The residents of the Hilderstone area have not always been law-abiding. In the past difficulties have been experienced both with villains and the system of administration of law in the locality. Interesting light on this is thrown in the Memoirs of Thomas Woollaston who occupied several roles in the Stafford police service during the second half of the nineteenth century.
An extract from Mr. Woollaston's Police Experiences, which was published in West Bromwich in 1884, follows. The description of events affecting Hilderstone follow the Introduction.
On commencing this narrative, my intention was merely to describe and give prominence to a few matters and occurrences that took place during my period of service in the Police Force.
As I proceeded, I found I could only make those intelligible and interesting by going somewhat more lengthily into subjects and details, than at first intended.
That has necessarily much prolonged the work. To accomplish this, ithas been my aim, even at the risk of being thought tedious, to endeavour to bring under notice, facts and circumstances, direct and collateral, in elucidation of the various subjects, and also with the object of showing that by patience, assiduity, and attention, added to energy and perseverance, rightly directed, many difficulties connected with Police duties may be met, and successfully overcome.
In saying this, I do not wish to be understood as dictating or even suggesting a course to be followed by others. My object in thus referring to matters here treated of, in which it has fallen to my lot to be engaged, is simply to show the means by which results have been arrived at, and the ends in view attained. The value of adhering to a safe (not to say unerring) principle of action has been abundantly exemplified and made manifest to my mind, during a somewhat lengthy and chequered career in the service.
In the earliest portion of this, when placed in a position of trust, and in charge of others, I became sensible of it. In my communications and Official correspondence, I took especial care to make all subjects on which I was engaged, clear and intelligible, and in the matter of offences and offenders, frequently and generally made suggestions with the object of assisting the labours of others.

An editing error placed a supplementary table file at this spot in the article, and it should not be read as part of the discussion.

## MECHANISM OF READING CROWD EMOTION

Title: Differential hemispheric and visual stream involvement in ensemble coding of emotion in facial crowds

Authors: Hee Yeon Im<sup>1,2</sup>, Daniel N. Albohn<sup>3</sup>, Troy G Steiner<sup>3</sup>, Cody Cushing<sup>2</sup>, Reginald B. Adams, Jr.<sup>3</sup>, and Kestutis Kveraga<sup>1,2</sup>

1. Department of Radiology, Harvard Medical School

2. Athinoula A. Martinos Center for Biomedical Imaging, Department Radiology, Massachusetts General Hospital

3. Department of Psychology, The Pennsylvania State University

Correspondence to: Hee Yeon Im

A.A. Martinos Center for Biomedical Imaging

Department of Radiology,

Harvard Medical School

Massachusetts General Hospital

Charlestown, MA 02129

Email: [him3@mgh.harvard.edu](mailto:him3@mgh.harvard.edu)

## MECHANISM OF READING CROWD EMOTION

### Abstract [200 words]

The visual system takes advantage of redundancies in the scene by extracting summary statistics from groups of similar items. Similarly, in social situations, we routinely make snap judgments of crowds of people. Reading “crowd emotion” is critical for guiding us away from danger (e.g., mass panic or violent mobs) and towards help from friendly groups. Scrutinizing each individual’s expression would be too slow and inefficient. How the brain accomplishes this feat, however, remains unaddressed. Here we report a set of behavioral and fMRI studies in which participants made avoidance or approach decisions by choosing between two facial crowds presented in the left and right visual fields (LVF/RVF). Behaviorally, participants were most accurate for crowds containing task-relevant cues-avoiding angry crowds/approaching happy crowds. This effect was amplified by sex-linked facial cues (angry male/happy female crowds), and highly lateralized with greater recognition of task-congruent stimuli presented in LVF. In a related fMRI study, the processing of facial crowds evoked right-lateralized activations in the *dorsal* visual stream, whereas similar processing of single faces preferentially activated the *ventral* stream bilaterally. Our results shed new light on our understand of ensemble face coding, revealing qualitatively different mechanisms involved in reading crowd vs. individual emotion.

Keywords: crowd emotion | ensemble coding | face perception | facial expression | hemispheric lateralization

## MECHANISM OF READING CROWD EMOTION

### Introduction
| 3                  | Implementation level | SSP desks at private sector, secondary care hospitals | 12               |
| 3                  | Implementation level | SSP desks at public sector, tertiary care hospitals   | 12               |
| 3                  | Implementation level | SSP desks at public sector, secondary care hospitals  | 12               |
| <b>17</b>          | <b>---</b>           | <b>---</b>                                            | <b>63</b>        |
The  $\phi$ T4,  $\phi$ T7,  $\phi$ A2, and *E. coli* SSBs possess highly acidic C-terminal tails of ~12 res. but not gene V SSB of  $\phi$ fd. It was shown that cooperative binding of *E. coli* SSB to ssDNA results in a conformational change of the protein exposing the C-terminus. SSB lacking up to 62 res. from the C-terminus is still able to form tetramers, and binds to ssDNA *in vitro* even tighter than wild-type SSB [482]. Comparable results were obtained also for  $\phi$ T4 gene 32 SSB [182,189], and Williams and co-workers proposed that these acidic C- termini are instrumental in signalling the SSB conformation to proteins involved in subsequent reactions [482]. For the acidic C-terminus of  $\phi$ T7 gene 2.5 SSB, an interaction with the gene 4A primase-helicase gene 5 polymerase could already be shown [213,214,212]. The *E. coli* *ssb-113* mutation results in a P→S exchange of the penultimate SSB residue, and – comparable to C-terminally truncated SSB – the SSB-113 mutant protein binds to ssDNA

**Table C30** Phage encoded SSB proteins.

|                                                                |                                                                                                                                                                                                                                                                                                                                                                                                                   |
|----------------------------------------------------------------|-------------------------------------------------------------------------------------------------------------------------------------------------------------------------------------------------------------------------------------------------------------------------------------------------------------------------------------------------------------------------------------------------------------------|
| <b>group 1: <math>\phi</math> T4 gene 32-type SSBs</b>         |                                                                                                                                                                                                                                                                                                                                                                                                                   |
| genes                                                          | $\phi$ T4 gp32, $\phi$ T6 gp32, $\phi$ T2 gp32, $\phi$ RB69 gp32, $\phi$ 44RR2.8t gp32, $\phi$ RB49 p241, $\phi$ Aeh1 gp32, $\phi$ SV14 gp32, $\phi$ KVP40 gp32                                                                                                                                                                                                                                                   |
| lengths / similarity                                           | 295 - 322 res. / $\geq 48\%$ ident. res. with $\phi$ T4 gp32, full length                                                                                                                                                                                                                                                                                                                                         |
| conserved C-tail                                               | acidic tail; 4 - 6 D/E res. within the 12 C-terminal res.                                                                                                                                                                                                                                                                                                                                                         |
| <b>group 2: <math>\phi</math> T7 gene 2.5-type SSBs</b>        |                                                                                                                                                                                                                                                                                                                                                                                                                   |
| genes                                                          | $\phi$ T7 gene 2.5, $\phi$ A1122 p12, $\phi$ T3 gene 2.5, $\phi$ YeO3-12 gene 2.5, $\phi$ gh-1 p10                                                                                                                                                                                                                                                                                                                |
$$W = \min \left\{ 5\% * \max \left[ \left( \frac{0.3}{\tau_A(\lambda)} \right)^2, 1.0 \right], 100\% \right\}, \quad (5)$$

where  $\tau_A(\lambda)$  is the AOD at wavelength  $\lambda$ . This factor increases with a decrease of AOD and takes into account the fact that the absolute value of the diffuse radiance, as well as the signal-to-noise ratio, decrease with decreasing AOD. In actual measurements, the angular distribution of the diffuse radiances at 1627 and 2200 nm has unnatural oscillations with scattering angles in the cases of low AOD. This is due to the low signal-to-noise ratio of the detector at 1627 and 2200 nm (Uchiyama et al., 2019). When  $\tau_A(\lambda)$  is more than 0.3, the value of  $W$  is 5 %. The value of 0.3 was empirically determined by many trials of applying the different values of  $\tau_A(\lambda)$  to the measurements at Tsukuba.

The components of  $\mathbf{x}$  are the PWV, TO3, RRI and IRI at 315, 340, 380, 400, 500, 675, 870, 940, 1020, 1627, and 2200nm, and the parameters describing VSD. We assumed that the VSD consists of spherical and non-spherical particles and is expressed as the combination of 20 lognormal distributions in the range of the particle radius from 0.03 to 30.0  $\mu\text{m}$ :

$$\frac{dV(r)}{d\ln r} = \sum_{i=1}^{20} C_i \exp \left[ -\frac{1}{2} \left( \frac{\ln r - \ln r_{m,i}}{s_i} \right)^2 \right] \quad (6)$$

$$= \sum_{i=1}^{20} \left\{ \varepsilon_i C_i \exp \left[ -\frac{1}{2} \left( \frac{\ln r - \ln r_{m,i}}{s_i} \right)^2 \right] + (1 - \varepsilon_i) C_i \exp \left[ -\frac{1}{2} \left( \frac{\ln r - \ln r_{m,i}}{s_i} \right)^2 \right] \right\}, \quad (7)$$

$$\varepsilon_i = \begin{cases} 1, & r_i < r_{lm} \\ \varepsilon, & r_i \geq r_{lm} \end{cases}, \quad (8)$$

I found great advantage in this, insomuch as to encourage me to continue and practice that course to the end.
Briefly reviewing incidents of the past, I would observe that I had much arduous and responsible work on my hands, a recapitulation of the whole of which would of necessity draw out my narrative to an undue length, and which might possibly after all be of interest only to myself.
Not having a register of cases and occurrences, many are necessarily forgotten and lost sight of, and consequently omitted. A portion only can therefore be given, the circumstances connected with which are yet fresh in my memory. A few of these, such as possess interest, and as having required and received more than ordinary attention, are thought of sufficient importance to be recorded. The various subjects treated of, appear somewhat out of their chronological order. That is, in a measure, due to my inexperience in a work of this description, and my not having the necessary data for reference.
In my notice of events and incidents, I may, inadvertently, have described some in terms which may appear somewhat objectionable as referring to individuals or subjects. If so, I beg to say I had no desire to be personally offensive, or obtrude unnecessarily on the patience of the reader, by giving undue prominence to any matter. The perusal of things past is necessarily dry if lengthy, or unavoidably prolix.
To obviate in some degree the tedium thus created, I have sought to introduce and invest my narrative occasionally with a slight vein of humour (if worthy of the name), hoping thereby to render the various subjects more interesting to the reader.
If that hope be realised I shall have attained my object.